About | Almanac | Calendar | Classifieds | Contact | Greylock Nation | Suppport Us! | Advertise
“Kill it, Daddy.”
He looked at his little girl, stiff and wide-eyed on the hotel room cot, with the covers pulled up just below her eyes. The contours of her nose, mouth, and chin under the taut sheet gave her face a shrink-wrapped look.
“Oh, I don’t think that’s really necessary, do you? That spider won’t come anywhere near you. I bet he’ll be in the exact same place in the morning.”
The wispy cellar spider across the room braced itself between the wall and ceiling. It had, no doubt, picked up some threads of intent in the conversation. In fact, the man thought as he looked at the wispy, almost non-existent creature, it had a sort stiff, wide-eyed appearance itself as it hung there apprehensively.
“Kill it,” the child reiterated.
He was struck by how out of sync were her dispassionate tone and her posture of mortal terror. He knew the spider would probably not be there in the morning. After a night’s sleep, and in the girl’s excitement over the day ahead, however, the spindly menace would be forgotten. Getting her to go to sleep with it there was the thing, though.
He walked into the bathroom and pulled a plastic drinking cup out of its wrapping. He looked around the room and, finding a stiff card listing listing the free cable channels on one side and the pay-per-view on the other, he dragged a chair from the kitchenette over to wall under the spider’s position.
It was definitely starting to look tense now.
Standing on the chair, he easily imprisoned the spider in the cup as it attempted to flee across the ceiling. Sliding the card between the rim of the cup and the ceiling, the father completed the construction of the cell.
“What if we turn this cup over, like this…” he said placing the overturned bathroom cup on the small dining table, “and put something heavy on top.” He balanced a coffee mug on the cup and turned to his daughter. Then, the last thing we do when we leave in the morning is set him free. Everybody lives happily ever after!
The child pulled the sheet even tighter over her face and shook her head violently in the negative several times.
The father’s eyes searched the hotel room for some form of clemency, some escape for this spider. The nearly spent daylight seeped in around the drapes, and he got up and walked over to the window. Pushing the coarse fabric aside, he saw that the lowest section of the window did, in fact, slide open sideways.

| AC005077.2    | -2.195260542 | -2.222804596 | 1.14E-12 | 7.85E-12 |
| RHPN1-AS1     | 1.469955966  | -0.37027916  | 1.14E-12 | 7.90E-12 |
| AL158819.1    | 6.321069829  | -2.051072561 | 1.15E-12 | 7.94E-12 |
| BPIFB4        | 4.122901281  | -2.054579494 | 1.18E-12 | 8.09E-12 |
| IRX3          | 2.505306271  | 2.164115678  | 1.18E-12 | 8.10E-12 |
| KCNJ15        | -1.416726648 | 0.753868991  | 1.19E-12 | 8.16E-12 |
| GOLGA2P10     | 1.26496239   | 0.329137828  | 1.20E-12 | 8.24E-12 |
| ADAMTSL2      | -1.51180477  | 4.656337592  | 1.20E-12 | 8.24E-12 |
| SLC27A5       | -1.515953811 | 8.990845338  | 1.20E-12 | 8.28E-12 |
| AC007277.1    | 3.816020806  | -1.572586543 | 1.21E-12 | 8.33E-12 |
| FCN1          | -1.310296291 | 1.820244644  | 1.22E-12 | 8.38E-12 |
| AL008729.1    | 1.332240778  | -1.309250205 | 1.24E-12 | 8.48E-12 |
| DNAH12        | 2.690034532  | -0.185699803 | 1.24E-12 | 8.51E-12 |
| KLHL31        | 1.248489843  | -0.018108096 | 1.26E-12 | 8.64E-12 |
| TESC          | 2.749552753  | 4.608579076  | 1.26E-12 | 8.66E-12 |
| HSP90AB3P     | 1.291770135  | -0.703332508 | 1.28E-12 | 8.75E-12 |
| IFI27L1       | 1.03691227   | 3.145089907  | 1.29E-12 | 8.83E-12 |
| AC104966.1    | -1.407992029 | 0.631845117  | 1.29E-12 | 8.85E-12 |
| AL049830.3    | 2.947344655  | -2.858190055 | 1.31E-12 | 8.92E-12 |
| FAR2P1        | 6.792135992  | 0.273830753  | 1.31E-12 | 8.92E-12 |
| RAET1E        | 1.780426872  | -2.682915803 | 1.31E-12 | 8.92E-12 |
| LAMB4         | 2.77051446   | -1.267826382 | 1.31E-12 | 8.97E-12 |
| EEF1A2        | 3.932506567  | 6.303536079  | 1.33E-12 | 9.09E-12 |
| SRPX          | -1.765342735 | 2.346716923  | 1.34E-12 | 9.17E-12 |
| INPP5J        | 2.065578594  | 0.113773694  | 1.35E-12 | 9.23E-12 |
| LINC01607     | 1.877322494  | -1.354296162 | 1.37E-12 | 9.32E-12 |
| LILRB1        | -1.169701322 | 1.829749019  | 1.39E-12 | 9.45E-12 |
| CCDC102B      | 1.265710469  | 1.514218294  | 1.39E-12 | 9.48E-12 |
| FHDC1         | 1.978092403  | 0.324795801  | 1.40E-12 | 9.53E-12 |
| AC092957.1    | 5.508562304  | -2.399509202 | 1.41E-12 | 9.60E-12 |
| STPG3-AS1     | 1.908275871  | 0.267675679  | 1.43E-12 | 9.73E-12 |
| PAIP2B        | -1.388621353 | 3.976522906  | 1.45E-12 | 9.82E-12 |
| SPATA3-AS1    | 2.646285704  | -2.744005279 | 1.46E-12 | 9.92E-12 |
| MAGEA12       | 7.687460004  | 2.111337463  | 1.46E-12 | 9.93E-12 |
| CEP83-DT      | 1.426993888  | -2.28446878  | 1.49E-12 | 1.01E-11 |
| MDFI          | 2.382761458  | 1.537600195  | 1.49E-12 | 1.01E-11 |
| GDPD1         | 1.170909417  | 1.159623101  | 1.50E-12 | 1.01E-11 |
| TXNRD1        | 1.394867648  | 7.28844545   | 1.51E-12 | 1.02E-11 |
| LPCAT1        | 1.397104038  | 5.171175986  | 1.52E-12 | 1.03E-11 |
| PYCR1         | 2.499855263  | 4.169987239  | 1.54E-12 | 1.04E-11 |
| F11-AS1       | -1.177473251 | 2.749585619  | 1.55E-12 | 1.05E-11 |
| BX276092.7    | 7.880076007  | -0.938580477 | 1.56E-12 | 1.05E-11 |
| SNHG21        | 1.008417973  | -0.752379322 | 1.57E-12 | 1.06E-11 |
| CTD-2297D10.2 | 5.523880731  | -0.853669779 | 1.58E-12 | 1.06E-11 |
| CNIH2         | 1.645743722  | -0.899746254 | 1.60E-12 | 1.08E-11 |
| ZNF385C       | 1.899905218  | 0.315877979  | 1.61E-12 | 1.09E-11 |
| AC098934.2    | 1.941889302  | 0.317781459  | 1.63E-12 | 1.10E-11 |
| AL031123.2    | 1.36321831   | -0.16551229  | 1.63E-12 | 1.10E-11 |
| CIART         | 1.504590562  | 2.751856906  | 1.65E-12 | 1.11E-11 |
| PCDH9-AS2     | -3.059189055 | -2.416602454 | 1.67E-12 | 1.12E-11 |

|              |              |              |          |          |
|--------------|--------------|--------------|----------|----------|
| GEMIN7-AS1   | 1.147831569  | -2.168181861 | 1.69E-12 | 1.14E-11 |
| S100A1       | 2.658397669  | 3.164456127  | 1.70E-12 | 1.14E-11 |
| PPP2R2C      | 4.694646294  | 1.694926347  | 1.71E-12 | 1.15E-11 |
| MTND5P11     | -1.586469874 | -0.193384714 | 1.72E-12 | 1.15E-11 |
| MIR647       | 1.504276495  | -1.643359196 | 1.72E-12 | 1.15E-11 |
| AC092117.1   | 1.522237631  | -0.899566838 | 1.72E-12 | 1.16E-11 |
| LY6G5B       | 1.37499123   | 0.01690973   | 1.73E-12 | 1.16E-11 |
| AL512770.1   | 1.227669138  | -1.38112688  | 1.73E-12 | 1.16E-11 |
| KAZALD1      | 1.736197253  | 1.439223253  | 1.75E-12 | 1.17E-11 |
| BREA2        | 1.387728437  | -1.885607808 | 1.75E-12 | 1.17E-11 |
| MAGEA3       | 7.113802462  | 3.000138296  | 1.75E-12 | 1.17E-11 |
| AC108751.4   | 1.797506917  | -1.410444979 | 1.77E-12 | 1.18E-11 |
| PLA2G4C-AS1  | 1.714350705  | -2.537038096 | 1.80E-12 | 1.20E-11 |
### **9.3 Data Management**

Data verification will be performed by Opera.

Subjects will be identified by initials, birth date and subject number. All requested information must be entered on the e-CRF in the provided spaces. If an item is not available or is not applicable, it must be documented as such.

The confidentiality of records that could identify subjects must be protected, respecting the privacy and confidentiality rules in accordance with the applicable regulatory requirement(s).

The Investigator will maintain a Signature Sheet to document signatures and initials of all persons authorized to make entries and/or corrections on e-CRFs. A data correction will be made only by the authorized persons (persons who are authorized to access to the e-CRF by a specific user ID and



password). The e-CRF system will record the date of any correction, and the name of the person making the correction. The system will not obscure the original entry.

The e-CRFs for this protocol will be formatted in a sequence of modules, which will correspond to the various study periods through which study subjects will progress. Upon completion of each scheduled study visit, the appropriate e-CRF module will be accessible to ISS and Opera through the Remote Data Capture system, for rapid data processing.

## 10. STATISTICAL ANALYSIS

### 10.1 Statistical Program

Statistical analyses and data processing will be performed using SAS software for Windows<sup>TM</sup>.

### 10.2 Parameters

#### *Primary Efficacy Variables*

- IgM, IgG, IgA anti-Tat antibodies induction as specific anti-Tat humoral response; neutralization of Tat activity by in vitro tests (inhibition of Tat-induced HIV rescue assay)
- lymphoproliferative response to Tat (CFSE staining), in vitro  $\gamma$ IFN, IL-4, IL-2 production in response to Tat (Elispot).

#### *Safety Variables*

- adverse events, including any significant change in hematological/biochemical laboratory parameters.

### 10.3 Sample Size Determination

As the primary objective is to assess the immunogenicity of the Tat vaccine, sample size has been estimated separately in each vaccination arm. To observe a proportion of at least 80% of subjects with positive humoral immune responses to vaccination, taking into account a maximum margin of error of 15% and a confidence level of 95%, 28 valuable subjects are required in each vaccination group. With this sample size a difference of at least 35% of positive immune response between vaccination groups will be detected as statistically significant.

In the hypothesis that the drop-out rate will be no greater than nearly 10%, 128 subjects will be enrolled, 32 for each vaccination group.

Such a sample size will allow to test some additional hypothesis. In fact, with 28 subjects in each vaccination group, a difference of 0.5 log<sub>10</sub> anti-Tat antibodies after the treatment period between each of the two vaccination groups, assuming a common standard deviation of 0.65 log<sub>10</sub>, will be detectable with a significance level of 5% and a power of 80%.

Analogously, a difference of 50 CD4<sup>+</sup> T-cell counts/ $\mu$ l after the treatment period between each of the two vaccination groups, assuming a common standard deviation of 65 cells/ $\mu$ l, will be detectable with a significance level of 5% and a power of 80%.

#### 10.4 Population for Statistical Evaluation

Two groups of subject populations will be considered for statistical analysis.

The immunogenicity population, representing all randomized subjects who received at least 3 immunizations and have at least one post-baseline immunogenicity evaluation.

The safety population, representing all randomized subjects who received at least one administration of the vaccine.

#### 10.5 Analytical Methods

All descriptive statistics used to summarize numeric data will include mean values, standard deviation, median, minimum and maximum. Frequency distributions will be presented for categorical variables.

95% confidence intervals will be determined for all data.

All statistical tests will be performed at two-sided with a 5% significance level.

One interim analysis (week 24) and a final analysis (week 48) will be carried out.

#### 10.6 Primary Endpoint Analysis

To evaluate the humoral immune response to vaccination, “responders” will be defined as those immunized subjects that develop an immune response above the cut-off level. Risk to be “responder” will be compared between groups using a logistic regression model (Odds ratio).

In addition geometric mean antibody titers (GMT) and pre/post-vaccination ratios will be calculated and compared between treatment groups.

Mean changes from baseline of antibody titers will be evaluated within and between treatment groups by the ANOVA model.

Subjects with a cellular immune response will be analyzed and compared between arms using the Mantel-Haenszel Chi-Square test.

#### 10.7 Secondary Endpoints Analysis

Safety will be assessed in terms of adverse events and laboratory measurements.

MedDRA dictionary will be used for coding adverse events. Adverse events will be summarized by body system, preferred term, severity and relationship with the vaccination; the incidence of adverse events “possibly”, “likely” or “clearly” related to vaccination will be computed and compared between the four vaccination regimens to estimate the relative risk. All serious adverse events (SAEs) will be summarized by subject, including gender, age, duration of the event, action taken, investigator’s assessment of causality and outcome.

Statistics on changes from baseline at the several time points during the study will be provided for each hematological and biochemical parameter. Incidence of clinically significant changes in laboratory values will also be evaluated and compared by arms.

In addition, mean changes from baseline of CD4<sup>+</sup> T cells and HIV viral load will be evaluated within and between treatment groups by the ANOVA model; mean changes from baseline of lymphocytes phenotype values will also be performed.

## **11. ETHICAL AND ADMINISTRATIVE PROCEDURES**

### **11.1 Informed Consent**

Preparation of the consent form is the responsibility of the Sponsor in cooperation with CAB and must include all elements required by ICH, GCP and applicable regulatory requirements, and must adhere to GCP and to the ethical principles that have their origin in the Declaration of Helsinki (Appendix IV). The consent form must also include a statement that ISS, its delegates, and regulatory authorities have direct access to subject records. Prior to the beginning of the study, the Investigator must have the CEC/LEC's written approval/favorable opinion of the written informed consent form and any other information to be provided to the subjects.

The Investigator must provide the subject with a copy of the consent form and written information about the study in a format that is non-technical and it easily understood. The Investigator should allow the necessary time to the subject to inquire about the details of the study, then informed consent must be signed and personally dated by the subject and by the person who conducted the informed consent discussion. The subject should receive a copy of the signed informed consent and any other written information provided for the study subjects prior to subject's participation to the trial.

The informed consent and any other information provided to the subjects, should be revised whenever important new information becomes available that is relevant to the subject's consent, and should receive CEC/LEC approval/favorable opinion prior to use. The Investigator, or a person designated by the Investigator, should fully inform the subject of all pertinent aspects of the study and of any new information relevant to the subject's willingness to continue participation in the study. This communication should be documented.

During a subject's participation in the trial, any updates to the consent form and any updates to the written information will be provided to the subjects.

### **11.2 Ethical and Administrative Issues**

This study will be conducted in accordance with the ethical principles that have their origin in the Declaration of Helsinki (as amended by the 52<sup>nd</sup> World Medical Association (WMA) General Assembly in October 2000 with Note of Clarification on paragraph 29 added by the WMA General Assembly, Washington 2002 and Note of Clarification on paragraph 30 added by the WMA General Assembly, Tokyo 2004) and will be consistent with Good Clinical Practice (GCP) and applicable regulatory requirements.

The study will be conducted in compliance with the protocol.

He unlatched the pane and needed both hands to heave the stubborn aluminum frame to the left. The muddled roar of street sounds, seventeen floors below, rushed in to the room. Unseasonably crisp Autumn air followed immediately after. The man glanced over and saw that the girl’s expression had grown troubled.
“Here’s what we’ll do,” he said. He went on to explain about exoskeletons and mass to surface area ratios. He discussed the parachute design of the spider’s form and how it could drift gently down to Earth and land unharmed. He worked to convince her that the spider probably wouldn’t even be afraid on its nearly 200-foot vertical journey. Amazing thing, Nature! Best engineer there is.
The girl would not look at him, but stared straight up at the ceiling.
The father picked up the cup and turned it right-side up. He walked back to the window and, sliding the card off, quickly thrust the cup out the opened window. The spider made no move to escape the bottom of the cup. He turned it upside down and gave it a light shake. Still, the spider clung to the plastic. He gave it a quicker, jerkier shake, and this time, the spider was dislodged.
The man leaned his head out and looked down. For a couple of floors, the spider did actually display the described properties of a parachute. It drifted straight down gracefully, maybe even fearlessly. He didn’t know. A gust blew just as the spider was almost lost to sight, and it was carried away. It would land on dark, late-October sidewalk with a little under four hours to find shelter before the temperature dropped below freezing.
The man shut the window with some effort, and turned to his daughter, who would still not look at him, would not look at his pathetic, apologetic smile.
The girl felt a tear slide down the side of her face and settle in the entry to her ear. She could not make sense of the rage that welled up inside her chest and would not for decades.
Your email address will not be published.
Save my name, email, and website in this browser for the next time I comment.
This site uses Akismet to reduce spam. Learn how your comment data is processed.
The promenade took on a subtle, but detectable, shift in mood as the spectrum of dusk
He looked at his little girl, stiff and wide-eyed on the hotel room cot,
by Jason Velázquez He remembered that she liked cantaloupe. Correction: he remembered that she loved cantaloupe.
flash fiction by Sheila Velazquez Once a day, around noon, an old white Ford van pulls
by Jason Velázquez “¿Mamá?” Esperanza’s question reverberates musically in the back of the Econoline, “¿Will I